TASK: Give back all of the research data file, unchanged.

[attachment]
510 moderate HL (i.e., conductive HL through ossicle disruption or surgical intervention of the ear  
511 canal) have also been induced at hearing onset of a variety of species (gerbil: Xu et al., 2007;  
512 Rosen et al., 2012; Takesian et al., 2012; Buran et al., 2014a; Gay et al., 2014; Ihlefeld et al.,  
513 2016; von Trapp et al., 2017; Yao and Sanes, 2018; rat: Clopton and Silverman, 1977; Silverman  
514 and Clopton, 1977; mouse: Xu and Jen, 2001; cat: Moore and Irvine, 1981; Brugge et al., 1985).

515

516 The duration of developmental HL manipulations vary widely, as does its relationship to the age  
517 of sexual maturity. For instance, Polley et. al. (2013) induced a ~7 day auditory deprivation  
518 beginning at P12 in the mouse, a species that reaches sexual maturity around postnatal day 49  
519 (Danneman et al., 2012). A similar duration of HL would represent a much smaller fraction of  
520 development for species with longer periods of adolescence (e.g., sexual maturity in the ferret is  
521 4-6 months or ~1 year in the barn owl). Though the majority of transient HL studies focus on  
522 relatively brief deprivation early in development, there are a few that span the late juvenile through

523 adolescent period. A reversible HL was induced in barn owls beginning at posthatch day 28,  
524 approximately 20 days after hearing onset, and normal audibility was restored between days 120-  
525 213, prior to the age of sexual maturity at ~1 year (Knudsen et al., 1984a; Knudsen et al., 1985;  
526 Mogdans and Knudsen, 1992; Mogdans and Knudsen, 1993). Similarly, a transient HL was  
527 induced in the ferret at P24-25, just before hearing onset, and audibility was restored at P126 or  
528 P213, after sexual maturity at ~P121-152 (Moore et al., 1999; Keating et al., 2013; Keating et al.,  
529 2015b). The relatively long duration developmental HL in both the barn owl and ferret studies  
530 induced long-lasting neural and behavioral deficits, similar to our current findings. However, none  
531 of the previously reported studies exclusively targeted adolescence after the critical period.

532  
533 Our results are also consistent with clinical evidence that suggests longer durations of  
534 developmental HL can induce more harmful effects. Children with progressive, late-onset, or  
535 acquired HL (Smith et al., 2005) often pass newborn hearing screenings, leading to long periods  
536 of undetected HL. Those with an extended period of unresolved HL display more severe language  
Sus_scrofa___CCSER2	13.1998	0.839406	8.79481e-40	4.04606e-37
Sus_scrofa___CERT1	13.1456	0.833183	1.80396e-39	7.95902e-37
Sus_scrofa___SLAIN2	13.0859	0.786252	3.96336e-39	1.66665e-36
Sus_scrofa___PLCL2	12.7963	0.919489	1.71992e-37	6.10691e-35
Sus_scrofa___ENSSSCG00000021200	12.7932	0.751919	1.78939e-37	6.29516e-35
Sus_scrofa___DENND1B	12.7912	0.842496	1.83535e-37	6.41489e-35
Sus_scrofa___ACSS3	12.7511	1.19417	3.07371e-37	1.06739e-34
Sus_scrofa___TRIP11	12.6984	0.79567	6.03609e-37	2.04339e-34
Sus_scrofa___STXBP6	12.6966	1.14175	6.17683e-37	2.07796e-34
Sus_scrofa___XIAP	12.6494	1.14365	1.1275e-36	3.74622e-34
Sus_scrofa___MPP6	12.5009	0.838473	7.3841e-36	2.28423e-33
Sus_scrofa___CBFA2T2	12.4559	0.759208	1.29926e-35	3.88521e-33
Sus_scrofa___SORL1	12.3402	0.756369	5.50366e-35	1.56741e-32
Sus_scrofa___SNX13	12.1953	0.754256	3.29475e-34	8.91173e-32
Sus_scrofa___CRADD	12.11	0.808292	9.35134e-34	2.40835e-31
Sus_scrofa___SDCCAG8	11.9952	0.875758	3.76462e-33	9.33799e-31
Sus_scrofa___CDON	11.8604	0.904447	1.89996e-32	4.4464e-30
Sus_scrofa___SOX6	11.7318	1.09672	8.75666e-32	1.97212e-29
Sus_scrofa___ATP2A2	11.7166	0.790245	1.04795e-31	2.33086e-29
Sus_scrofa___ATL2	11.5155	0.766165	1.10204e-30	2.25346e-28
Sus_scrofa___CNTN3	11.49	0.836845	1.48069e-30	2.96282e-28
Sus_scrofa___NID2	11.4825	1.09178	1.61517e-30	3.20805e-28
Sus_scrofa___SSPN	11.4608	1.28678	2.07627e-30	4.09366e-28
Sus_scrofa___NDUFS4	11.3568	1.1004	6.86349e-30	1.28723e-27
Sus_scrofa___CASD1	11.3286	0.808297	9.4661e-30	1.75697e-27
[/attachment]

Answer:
510 moderate HL (i.e., conductive HL through ossicle disruption or surgical intervention of the ear  
511 canal) have also been induced at hearing onset of a variety of species (gerbil: Xu et al., 2007;  
512 Rosen et al., 2012; Takesian et al., 2012; Buran et al., 2014a; Gay et al., 2014; Ihlefeld et al.,  
513 2016; von Trapp et al., 2017; Yao and Sanes, 2018; rat: Clopton and Silverman, 1977; Silverman  
514 and Clopton, 1977; mouse: Xu and Jen, 2001; cat: Moore and Irvine, 1981; Brugge et al., 1985).

515

516 The duration of developmental HL manipulations vary widely, as does its relationship to the age  
517 of sexual maturity. For instance, Polley et. al. (2013) induced a ~7 day auditory deprivation  
518 beginning at P12 in the mouse, a species that reaches sexual maturity around postnatal day 49  
519 (Danneman et al., 2012). A similar duration of HL would represent a much smaller fraction of  
520 development for species with longer periods of adolescence (e.g., sexual maturity in the ferret is  
521 4-6 months or ~1 year in the barn owl). Though the majority of transient HL studies focus on  
522 relatively brief deprivation early in development, there are a few that span the late juvenile through

523 adolescent period. A reversible HL was induced in barn owls beginning at posthatch day 28,  
524 approximately 20 days after hearing onset, and normal audibility was restored between days 120-  
525 213, prior to the age of sexual maturity at ~1 year (Knudsen et al., 1984a; Knudsen et al., 1985;  
526 Mogdans and Knudsen, 1992; Mogdans and Knudsen, 1993). Similarly, a transient HL was  
527 induced in the ferret at P24-25, just before hearing onset, and audibility was restored at P126 or  
528 P213, after sexual maturity at ~P121-152 (Moore et al., 1999; Keating et al., 2013; Keating et al.,  
529 2015b). The relatively long duration developmental HL in both the barn owl and ferret studies  
530 induced long-lasting neural and behavioral deficits, similar to our current findings. However, none  
531 of the previously reported studies exclusively targeted adolescence after the critical period.

532  
533 Our results are also consistent with clinical evidence that suggests longer durations of  
534 developmental HL can induce more harmful effects. Children with progressive, late-onset, or  
535 acquired HL (Smith et al., 2005) often pass newborn hearing screenings, leading to long periods  
536 of undetected HL. Those with an extended period of unresolved HL display more severe language  
Sus_scrofa___CCSER2	13.1998	0.839406	8.79481e-40	4.04606e-37
Sus_scrofa___CERT1	13.1456	0.833183	1.80396e-39	7.95902e-37
Sus_scrofa___SLAIN2	13.0859	0.786252	3.96336e-39	1.66665e-36
Sus_scrofa___PLCL2	12.7963	0.919489	1.71992e-37	6.10691e-35
Sus_scrofa___ENSSSCG00000021200	12.7932	0.751919	1.78939e-37	6.29516e-35
Sus_scrofa___DENND1B	12.7912	0.842496	1.83535e-37	6.41489e-35
Sus_scrofa___ACSS3	12.7511	1.19417	3.07371e-37	1.06739e-34
Sus_scrofa___TRIP11	12.6984	0.79567	6.03609e-37	2.04339e-34
Sus_scrofa___STXBP6	12.6966	1.14175	6.17683e-37	2.07796e-34
Sus_scrofa___XIAP	12.6494	1.14365	1.1275e-36	3.74622e-34
Sus_scrofa___MPP6	12.5009	0.838473	7.3841e-36	2.28423e-33
Sus_scrofa___CBFA2T2	12.4559	0.759208	1.29926e-35	3.88521e-33
Sus_scrofa___SORL1	12.3402	0.756369	5.50366e-35	1.56741e-32
Sus_scrofa___SNX13	12.1953	0.754256	3.29475e-34	8.91173e-32
Sus_scrofa___CRADD	12.11	0.808292	9.35134e-34	2.40835e-31
Sus_scrofa___SDCCAG8	11.9952	0.875758	3.76462e-33	9.33799e-31
Sus_scrofa___CDON	11.8604	0.904447	1.89996e-32	4.4464e-30
Sus_scrofa___SOX6	11.7318	1.09672	8.75666e-32	1.97212e-29
Sus_scrofa___ATP2A2	11.7166	0.790245	1.04795e-31	2.33086e-29
Sus_scrofa___ATL2	11.5155	0.766165	1.10204e-30	2.25346e-28
Sus_scrofa___CNTN3	11.49	0.836845	1.48069e-30	2.96282e-28
Sus_scrofa___NID2	11.4825	1.09178	1.61517e-30	3.20805e-28
Sus_scrofa___SSPN	11.4608	1.28678	2.07627e-30	4.09366e-28
Sus_scrofa___NDUFS4	11.3568	1.1004	6.86349e-30	1.28723e-27
Sus_scrofa___CASD1	11.3286	0.808297	9.4661e-30	1.75697e-27